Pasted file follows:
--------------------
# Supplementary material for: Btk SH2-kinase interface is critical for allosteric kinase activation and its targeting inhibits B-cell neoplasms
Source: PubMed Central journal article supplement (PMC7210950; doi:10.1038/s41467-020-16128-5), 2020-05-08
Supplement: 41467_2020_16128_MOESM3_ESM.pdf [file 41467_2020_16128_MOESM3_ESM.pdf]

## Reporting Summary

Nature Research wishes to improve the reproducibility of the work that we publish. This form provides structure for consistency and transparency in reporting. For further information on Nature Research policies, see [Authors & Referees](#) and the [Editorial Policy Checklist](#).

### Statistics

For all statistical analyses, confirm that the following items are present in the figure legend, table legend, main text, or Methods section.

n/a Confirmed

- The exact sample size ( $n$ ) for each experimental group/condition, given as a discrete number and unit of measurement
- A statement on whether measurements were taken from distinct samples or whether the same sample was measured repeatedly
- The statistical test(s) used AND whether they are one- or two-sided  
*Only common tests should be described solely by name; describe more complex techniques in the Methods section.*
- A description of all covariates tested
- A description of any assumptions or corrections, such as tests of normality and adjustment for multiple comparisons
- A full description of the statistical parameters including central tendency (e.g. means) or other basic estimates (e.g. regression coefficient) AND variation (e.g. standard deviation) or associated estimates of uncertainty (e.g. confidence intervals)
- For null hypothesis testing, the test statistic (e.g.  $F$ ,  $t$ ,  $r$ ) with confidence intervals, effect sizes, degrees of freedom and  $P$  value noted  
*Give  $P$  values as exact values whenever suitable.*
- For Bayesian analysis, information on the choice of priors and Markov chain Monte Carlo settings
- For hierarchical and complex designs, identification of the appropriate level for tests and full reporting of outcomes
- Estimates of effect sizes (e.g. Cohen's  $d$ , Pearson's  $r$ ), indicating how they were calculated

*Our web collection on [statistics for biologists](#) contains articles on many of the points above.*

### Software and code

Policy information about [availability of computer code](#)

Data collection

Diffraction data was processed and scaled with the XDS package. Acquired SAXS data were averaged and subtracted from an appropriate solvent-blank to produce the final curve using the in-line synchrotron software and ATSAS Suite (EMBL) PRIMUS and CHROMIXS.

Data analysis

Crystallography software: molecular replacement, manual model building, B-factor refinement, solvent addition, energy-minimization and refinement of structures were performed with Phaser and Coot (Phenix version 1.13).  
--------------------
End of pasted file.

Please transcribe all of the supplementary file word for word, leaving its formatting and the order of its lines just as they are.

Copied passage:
# Supplementary material for: Btk SH2-kinase interface is critical for allosteric kinase activation and its targeting inhibits B-cell neoplasms
Source: PubMed Central journal article supplement (PMC7210950; doi:10.1038/s41467-020-16128-5), 2020-05-08
Supplement: 41467_2020_16128_MOESM3_ESM.pdf [file 41467_2020_16128_MOESM3_ESM.pdf]

## Reporting Summary

Nature Research wishes to improve the reproducibility of the work that we publish. This form provides structure for consistency and transparency in reporting. For further information on Nature Research policies, see [Authors & Referees](#) and the [Editorial Policy Checklist](#).

### Statistics

For all statistical analyses, confirm that the following items are present in the figure legend, table legend, main text, or Methods section.

n/a Confirmed

- The exact sample size ( $n$ ) for each experimental group/condition, given as a discrete number and unit of measurement
- A statement on whether measurements were taken from distinct samples or whether the same sample was measured repeatedly
- The statistical test(s) used AND whether they are one- or two-sided  
*Only common tests should be described solely by name; describe more complex techniques in the Methods section.*
- A description of all covariates tested
- A description of any assumptions or corrections, such as tests of normality and adjustment for multiple comparisons
- A full description of the statistical parameters including central tendency (e.g. means) or other basic estimates (e.g. regression coefficient) AND variation (e.g. standard deviation) or associated estimates of uncertainty (e.g. confidence intervals)
- For null hypothesis testing, the test statistic (e.g.  $F$ ,  $t$ ,  $r$ ) with confidence intervals, effect sizes, degrees of freedom and  $P$  value noted  
*Give  $P$  values as exact values whenever suitable.*
- For Bayesian analysis, information on the choice of priors and Markov chain Monte Carlo settings
- For hierarchical and complex designs, identification of the appropriate level for tests and full reporting of outcomes
- Estimates of effect sizes (e.g. Cohen's  $d$ , Pearson's  $r$ ), indicating how they were calculated

*Our web collection on [statistics for biologists](#) contains articles on many of the points above.*

### Software and code

Policy information about [availability of computer code](#)

Data collection

Diffraction data was processed and scaled with the XDS package. Acquired SAXS data were averaged and subtracted from an appropriate solvent-blank to produce the final curve using the in-line synchrotron software and ATSAS Suite (EMBL) PRIMUS and CHROMIXS.

Data analysis

Crystallography software: molecular replacement, manual model building, B-factor refinement, solvent addition, energy-minimization and refinement of structures were performed with Phaser and Coot (Phenix version 1.13).  